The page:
Publication Date

Summer 2016

Advisor(s) - Committee Chair

Barbara Burch (Director), Pamela Petty, Jie Zhang, and Marie Neal

Degree Program

Educational Leadership Doctoral Program

Degree Type

Doctor of Education


This study aims to illuminate, via the qualitative method of portraiture, the academic and personal impacts of both faculty and student stakeholders of a literacy intervention course, offered as an alternative to the traditional developmental reading model, taught at a regional southeastern United States four-year public university. Students who enrolled in the course from the semesters of fall 2012 to fall 2015 were given the opportunity to complete a survey about their experiences with the literacy intervention course. Faculty stakeholders were interviewed for their perspective on course creation, implementation, and delivery, focusing on the six curricular core competencies of reading strategies and reading guides; book club discussion; formal presentations; academic writing and research; motivation and responsibility; and work ethic and habit building.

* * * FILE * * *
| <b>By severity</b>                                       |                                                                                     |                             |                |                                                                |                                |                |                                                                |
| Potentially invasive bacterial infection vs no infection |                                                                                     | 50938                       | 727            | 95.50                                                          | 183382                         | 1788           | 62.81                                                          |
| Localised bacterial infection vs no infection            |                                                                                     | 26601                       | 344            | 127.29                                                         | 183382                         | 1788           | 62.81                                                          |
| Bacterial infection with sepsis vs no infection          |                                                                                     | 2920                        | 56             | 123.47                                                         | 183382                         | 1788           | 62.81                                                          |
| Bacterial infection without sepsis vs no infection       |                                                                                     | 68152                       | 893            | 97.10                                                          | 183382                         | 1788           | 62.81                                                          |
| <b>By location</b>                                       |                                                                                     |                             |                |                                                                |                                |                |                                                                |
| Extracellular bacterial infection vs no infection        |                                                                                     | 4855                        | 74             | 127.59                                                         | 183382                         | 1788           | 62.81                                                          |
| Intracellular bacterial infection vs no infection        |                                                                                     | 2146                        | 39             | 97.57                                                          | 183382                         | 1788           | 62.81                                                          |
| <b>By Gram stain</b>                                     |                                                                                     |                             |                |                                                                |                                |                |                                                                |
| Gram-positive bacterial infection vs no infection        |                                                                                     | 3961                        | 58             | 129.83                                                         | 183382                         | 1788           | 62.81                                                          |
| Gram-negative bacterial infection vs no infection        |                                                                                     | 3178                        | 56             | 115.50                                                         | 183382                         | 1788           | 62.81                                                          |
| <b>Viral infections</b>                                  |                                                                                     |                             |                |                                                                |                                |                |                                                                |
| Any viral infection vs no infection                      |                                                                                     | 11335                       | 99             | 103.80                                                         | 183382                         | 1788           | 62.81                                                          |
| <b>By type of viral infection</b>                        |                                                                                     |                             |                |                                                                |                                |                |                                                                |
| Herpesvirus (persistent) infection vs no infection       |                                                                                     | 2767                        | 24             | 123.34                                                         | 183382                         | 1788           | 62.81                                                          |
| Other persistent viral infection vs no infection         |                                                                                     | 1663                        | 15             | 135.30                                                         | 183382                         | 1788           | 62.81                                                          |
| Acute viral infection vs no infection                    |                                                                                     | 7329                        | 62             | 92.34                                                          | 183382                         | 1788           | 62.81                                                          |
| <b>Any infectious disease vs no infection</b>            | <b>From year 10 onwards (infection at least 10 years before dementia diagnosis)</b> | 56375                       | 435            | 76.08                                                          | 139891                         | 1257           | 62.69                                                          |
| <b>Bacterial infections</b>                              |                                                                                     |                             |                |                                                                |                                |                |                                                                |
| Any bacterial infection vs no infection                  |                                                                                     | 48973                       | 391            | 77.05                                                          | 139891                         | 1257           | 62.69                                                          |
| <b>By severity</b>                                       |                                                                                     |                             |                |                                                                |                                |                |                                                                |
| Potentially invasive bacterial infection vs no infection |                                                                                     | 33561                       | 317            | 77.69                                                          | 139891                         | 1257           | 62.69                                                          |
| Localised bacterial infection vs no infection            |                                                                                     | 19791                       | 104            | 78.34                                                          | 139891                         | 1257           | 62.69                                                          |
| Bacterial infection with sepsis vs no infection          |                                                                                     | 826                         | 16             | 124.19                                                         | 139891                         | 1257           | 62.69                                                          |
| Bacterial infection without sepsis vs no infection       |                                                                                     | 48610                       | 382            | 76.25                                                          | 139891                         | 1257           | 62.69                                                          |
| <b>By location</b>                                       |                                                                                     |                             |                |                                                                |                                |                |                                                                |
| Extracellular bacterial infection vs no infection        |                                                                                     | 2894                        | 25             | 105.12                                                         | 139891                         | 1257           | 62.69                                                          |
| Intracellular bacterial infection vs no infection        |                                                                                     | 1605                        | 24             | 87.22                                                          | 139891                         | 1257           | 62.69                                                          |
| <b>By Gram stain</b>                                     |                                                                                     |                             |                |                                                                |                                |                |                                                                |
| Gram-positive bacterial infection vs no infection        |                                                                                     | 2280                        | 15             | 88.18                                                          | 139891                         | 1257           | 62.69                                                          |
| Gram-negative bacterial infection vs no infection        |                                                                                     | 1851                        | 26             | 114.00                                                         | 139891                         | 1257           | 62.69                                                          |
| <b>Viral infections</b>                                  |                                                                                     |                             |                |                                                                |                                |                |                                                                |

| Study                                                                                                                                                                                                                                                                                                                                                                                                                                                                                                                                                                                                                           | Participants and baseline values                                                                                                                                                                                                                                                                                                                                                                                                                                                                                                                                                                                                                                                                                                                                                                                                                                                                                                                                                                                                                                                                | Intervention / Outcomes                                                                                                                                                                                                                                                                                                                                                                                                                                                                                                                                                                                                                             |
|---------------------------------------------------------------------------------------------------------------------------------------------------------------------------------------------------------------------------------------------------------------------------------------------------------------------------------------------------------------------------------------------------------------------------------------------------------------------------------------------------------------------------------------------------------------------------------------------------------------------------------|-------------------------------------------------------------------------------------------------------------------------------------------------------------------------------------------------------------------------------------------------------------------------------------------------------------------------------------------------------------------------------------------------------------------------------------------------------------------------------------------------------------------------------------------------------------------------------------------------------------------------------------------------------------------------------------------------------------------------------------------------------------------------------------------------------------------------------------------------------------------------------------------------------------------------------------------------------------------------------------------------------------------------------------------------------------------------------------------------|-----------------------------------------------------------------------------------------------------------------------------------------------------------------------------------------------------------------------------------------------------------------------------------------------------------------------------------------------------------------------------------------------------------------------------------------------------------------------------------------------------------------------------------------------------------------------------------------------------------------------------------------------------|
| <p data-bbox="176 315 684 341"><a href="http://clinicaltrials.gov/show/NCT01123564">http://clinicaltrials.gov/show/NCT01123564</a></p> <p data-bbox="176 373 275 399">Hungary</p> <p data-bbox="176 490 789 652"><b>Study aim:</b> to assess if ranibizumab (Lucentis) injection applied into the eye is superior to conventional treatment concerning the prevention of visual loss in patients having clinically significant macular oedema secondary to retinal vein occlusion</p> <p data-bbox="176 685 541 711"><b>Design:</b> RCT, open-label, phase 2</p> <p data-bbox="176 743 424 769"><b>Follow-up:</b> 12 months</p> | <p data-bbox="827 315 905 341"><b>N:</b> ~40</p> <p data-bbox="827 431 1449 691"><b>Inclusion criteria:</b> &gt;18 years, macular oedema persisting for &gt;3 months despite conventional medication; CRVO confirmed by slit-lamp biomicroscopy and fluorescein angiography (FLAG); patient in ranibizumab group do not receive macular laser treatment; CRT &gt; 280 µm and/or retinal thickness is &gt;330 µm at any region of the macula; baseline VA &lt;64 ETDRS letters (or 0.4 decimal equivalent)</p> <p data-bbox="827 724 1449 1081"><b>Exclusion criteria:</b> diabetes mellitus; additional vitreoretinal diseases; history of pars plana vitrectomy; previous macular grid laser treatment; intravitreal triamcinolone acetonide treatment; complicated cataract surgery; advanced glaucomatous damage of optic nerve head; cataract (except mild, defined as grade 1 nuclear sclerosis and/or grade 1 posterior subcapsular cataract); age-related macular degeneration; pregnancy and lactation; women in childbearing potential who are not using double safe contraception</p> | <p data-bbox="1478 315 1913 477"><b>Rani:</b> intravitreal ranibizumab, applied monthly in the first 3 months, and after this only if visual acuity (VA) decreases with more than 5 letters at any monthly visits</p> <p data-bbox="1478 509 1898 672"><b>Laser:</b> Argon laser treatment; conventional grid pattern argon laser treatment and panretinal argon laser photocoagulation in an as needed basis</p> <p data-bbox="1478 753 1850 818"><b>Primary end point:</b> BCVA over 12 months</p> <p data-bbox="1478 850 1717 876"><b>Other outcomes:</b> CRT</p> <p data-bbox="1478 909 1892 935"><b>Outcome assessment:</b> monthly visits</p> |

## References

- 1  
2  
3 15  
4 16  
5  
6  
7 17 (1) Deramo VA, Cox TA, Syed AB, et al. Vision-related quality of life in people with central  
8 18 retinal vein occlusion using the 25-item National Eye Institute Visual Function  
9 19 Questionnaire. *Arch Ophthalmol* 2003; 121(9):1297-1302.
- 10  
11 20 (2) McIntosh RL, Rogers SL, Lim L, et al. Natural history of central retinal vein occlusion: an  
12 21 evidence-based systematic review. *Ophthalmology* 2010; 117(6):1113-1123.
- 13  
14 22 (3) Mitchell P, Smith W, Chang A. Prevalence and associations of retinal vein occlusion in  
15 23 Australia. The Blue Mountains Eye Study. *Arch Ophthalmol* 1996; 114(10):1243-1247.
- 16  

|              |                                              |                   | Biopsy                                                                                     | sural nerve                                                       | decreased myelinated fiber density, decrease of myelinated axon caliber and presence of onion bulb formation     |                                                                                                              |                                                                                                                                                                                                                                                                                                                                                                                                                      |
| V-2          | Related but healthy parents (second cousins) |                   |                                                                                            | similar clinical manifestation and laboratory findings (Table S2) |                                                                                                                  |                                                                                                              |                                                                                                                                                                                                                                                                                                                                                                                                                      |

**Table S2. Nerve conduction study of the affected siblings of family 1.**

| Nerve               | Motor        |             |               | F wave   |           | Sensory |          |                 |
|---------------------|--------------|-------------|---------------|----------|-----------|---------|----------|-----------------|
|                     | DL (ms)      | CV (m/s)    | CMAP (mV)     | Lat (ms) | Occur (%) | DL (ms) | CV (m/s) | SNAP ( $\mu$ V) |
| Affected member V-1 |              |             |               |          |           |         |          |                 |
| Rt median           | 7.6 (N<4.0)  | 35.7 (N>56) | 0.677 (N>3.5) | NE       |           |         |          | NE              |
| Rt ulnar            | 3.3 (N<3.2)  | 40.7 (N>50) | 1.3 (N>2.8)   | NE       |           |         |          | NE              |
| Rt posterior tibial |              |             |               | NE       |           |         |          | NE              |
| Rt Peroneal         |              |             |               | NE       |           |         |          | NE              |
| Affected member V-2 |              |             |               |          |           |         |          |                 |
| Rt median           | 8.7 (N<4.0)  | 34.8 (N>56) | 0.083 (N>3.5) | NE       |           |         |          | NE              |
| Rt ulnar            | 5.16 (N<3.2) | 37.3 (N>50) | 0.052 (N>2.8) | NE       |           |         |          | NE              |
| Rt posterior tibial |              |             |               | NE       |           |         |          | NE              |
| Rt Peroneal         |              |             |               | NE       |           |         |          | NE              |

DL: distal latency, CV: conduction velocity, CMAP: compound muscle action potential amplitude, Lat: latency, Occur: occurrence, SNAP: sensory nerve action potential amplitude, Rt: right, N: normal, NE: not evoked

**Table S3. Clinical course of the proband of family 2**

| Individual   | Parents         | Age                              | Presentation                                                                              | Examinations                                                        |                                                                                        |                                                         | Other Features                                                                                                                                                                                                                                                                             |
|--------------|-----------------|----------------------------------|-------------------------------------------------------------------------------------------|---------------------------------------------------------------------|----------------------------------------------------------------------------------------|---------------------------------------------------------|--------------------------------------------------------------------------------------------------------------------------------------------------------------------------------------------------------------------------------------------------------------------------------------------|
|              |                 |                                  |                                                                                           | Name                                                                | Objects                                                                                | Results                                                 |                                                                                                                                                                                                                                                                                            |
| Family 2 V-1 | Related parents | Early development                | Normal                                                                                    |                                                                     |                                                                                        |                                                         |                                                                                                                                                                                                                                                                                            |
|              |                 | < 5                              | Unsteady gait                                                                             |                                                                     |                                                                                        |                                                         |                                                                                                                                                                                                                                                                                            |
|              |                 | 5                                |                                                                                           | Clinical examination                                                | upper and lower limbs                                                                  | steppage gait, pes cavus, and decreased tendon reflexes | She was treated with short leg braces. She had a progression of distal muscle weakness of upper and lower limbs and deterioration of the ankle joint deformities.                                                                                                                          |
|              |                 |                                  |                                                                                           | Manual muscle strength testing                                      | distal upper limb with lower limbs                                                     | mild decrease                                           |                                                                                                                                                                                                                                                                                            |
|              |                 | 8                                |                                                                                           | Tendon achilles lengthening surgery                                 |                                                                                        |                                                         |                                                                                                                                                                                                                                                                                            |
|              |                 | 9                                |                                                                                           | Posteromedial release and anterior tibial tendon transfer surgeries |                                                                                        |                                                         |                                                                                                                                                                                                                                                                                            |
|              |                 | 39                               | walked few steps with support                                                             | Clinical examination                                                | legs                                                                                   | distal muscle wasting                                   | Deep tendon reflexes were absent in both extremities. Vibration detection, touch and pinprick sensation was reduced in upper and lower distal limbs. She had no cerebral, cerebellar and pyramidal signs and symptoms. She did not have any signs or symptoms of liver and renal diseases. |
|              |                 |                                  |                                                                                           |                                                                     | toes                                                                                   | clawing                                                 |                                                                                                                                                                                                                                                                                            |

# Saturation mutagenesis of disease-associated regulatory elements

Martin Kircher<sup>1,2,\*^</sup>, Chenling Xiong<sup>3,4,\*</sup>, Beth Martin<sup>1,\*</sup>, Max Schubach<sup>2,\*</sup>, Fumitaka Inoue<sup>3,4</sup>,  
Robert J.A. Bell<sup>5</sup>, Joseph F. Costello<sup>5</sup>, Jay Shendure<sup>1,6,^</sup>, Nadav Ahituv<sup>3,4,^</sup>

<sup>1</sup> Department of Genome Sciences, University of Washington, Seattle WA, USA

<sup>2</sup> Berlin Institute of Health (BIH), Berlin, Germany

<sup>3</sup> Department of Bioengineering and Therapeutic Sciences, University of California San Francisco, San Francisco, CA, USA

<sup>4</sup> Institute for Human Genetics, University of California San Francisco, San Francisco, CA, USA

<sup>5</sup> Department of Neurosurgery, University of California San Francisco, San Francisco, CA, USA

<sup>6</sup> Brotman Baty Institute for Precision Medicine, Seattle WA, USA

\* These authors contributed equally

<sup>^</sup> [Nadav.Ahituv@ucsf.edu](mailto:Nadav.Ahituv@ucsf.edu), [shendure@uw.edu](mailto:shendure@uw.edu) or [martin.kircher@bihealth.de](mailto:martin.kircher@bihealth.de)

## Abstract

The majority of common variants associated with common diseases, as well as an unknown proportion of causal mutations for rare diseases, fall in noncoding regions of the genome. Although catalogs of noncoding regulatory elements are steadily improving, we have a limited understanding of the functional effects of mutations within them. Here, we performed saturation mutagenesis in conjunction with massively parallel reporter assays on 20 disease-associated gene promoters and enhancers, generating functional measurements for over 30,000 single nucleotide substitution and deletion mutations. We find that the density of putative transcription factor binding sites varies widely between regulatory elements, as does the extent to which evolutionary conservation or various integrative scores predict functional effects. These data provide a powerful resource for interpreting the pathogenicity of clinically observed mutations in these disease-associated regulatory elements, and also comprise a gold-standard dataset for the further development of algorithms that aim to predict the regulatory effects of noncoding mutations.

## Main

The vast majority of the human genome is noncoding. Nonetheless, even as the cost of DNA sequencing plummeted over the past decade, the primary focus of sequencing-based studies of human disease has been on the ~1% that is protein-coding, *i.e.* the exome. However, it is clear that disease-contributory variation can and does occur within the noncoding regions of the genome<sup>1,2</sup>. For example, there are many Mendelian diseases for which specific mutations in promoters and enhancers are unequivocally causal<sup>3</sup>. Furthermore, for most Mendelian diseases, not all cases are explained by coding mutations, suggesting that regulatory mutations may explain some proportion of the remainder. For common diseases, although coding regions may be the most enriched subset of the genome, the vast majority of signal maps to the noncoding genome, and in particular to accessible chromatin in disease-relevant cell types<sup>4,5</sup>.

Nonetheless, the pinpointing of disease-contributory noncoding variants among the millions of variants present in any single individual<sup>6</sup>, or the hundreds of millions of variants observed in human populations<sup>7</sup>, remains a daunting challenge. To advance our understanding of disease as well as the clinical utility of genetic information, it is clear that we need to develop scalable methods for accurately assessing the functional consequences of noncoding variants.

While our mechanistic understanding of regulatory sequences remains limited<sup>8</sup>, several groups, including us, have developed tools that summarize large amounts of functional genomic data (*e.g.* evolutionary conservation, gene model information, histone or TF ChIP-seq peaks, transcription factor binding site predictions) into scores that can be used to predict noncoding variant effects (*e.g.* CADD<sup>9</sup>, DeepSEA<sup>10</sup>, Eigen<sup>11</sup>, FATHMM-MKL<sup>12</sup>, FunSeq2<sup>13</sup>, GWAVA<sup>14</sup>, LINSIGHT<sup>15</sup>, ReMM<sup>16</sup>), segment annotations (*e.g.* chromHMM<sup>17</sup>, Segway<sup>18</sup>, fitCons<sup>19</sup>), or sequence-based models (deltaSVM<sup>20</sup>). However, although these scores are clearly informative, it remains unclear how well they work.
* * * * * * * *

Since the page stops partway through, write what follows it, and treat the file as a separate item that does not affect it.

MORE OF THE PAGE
Utilizing the portraiture paradigm, the researcher crafted a narrative of the faculty and student stakeholders to “draw a picture” of the course and the experiences of those who have participated in it. When examined through the lens of Tinto’s theories of student success and the theory of transformational learning, the aesthetic whole of the course is unearthed, with extensive narrative from faculty and students alike to complete the narrative.

The findings of this study offers insight into the perspectives of those deeply involved with the literacy intervention course. Students largely identified the course as influential on their success, with individual comments from students detailing specific elements of the course that impacted them.


Curriculum and Instruction | Educational Psychology | Higher Education